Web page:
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Dermatol Surg. 2005 Nov;31(11 Pt 2):1616-25.

Adverse reactions to dermal fillers: review.

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Division of Dermatology, Department of Medicine UCLA, David Geffen School of Medicine, Los Angeles, California, USA.



For many patients, injectable filling agents offer the promise of facial rejuvenation while offering reduced risks compared with more invasive surgery. With the increase in products available and the rise in the number of patients seeking this type of intervention, it is crucial that both the physician and the patient are fully cognizant of the risks involved with each product.


To review the incidences and types of reaction to various commonly used injectable products.


A literature review and personal experiences (gained largely in Europe over the past 8 years) of dermal fillers from 1996 to the present, including illustrative case reviews.


Reactions can be attributed to the procedure itself, the procedural technique, and the agent injected. Some of these reactions are preventable, whereas others are inevitable; most are mild and transient. Improving product formulations, altering the concentration of product injected, or changing the injection technique can dramatically reduce the incidence of adverse reactions. Since its reformulation in mid-1999, the biologically engineered hyaluronic acid filler Restylane (Medicis Pharmaceuticals, Scottsdale, AZ, USA) elicits less than one allergic reaction in 1600 treatments. Skin reactions with poly-L-lactic acid (New-Fill/Sculptra, Dermik Laboratories, Berwyn, PA, USA) are considerably less likely if a greater dilution and deeper injection technique are employed.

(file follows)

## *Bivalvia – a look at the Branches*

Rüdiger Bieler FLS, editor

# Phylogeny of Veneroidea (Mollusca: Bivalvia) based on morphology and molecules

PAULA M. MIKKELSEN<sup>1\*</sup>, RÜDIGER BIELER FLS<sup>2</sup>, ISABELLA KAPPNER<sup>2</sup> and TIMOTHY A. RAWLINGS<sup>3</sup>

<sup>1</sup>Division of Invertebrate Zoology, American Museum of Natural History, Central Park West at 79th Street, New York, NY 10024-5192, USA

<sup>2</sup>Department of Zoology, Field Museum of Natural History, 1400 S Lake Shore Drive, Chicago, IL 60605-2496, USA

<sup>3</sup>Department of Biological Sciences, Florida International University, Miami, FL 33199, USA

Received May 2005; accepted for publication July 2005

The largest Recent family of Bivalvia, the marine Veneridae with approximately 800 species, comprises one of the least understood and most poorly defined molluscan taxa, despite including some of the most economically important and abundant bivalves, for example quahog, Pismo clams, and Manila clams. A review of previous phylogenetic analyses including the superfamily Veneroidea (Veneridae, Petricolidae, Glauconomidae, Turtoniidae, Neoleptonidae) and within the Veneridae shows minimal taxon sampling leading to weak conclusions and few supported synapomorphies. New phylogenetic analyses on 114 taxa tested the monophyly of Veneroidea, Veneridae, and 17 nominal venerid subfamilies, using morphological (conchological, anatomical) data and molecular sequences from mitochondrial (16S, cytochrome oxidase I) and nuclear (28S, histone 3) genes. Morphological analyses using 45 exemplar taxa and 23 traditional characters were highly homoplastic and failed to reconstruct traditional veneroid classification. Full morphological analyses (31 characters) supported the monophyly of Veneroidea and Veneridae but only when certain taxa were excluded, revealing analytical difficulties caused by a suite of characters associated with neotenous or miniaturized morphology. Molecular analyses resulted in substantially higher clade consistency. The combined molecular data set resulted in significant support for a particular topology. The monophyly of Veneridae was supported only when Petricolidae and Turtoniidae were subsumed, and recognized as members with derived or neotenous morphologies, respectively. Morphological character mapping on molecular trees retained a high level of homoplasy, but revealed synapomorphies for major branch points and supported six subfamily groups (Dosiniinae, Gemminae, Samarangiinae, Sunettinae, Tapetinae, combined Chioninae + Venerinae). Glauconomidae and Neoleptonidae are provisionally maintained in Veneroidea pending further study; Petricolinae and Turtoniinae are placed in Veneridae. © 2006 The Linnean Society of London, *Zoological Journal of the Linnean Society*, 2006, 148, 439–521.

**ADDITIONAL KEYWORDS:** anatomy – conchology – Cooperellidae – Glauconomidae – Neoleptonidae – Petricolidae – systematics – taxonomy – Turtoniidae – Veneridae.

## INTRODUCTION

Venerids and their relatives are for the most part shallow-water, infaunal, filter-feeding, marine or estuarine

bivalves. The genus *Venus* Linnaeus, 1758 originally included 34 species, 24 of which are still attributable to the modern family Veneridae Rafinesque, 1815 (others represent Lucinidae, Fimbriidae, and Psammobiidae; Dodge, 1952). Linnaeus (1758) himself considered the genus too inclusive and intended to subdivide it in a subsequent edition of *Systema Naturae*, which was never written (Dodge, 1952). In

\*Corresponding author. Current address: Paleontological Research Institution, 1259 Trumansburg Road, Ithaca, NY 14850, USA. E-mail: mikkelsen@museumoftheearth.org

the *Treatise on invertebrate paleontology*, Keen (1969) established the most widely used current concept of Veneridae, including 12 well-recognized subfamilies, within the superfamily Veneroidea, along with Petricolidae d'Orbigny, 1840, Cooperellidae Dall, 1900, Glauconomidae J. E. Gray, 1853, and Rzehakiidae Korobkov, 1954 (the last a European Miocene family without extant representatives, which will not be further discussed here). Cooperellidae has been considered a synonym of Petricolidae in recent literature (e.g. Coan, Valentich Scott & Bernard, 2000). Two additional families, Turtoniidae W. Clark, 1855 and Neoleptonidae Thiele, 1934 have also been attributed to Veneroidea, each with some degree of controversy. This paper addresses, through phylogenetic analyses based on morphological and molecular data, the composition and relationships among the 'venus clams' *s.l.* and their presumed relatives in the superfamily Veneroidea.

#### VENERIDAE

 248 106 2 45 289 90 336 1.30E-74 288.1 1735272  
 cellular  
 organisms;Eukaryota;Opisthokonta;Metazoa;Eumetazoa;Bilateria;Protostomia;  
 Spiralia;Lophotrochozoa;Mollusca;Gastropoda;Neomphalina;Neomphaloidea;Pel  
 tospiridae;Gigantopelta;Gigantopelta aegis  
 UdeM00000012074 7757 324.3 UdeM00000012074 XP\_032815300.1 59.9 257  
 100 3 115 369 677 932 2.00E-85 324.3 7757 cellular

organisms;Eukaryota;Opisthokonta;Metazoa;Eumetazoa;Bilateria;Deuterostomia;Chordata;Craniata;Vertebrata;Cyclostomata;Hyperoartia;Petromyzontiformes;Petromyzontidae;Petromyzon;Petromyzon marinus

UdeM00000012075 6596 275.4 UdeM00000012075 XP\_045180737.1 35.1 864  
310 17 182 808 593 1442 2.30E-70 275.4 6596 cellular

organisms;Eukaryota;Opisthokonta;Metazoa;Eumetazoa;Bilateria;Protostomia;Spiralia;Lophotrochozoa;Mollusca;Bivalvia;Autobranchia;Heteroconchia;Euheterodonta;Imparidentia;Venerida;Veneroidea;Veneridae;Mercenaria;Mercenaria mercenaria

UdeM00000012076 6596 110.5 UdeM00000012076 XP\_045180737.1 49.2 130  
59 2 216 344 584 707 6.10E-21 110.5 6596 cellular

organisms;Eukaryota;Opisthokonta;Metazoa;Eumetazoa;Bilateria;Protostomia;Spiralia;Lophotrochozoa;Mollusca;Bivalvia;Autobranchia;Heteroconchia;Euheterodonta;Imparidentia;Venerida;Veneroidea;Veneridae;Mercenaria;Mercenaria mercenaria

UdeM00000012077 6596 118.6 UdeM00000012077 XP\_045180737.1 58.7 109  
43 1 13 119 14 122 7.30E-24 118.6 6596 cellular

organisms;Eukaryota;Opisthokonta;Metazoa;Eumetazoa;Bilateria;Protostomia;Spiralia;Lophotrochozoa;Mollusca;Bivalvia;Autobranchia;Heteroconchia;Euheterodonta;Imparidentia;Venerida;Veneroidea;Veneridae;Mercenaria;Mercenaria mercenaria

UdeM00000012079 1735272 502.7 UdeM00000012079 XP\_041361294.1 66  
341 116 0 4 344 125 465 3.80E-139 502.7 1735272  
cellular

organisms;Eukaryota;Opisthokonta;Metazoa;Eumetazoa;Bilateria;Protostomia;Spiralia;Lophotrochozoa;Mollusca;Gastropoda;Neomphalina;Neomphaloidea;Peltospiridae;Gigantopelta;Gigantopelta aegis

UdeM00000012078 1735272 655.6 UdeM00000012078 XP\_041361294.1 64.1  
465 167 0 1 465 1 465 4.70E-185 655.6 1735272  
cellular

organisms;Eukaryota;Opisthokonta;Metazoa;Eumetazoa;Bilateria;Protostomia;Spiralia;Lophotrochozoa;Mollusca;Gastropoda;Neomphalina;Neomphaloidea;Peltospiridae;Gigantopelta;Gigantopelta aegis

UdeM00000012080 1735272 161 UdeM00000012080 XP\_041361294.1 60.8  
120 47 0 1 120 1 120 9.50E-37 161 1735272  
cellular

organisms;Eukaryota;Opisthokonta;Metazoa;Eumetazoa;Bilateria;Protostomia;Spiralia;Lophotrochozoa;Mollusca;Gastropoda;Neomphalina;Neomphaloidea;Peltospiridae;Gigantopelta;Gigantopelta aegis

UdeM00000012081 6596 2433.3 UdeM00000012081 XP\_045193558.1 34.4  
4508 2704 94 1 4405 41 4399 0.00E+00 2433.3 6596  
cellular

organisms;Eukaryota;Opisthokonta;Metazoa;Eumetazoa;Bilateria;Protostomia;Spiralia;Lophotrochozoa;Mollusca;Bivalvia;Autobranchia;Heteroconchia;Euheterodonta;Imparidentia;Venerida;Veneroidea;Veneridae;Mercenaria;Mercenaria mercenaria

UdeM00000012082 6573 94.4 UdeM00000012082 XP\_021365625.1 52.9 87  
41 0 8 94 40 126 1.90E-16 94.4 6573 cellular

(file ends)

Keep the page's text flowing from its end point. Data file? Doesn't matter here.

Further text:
Different injectable products have highly divergent properties, associated risks, and injection requirements. The dermasurgeon should be suitably experienced to select and use these products correctly.

[Indexed for MEDLINE]

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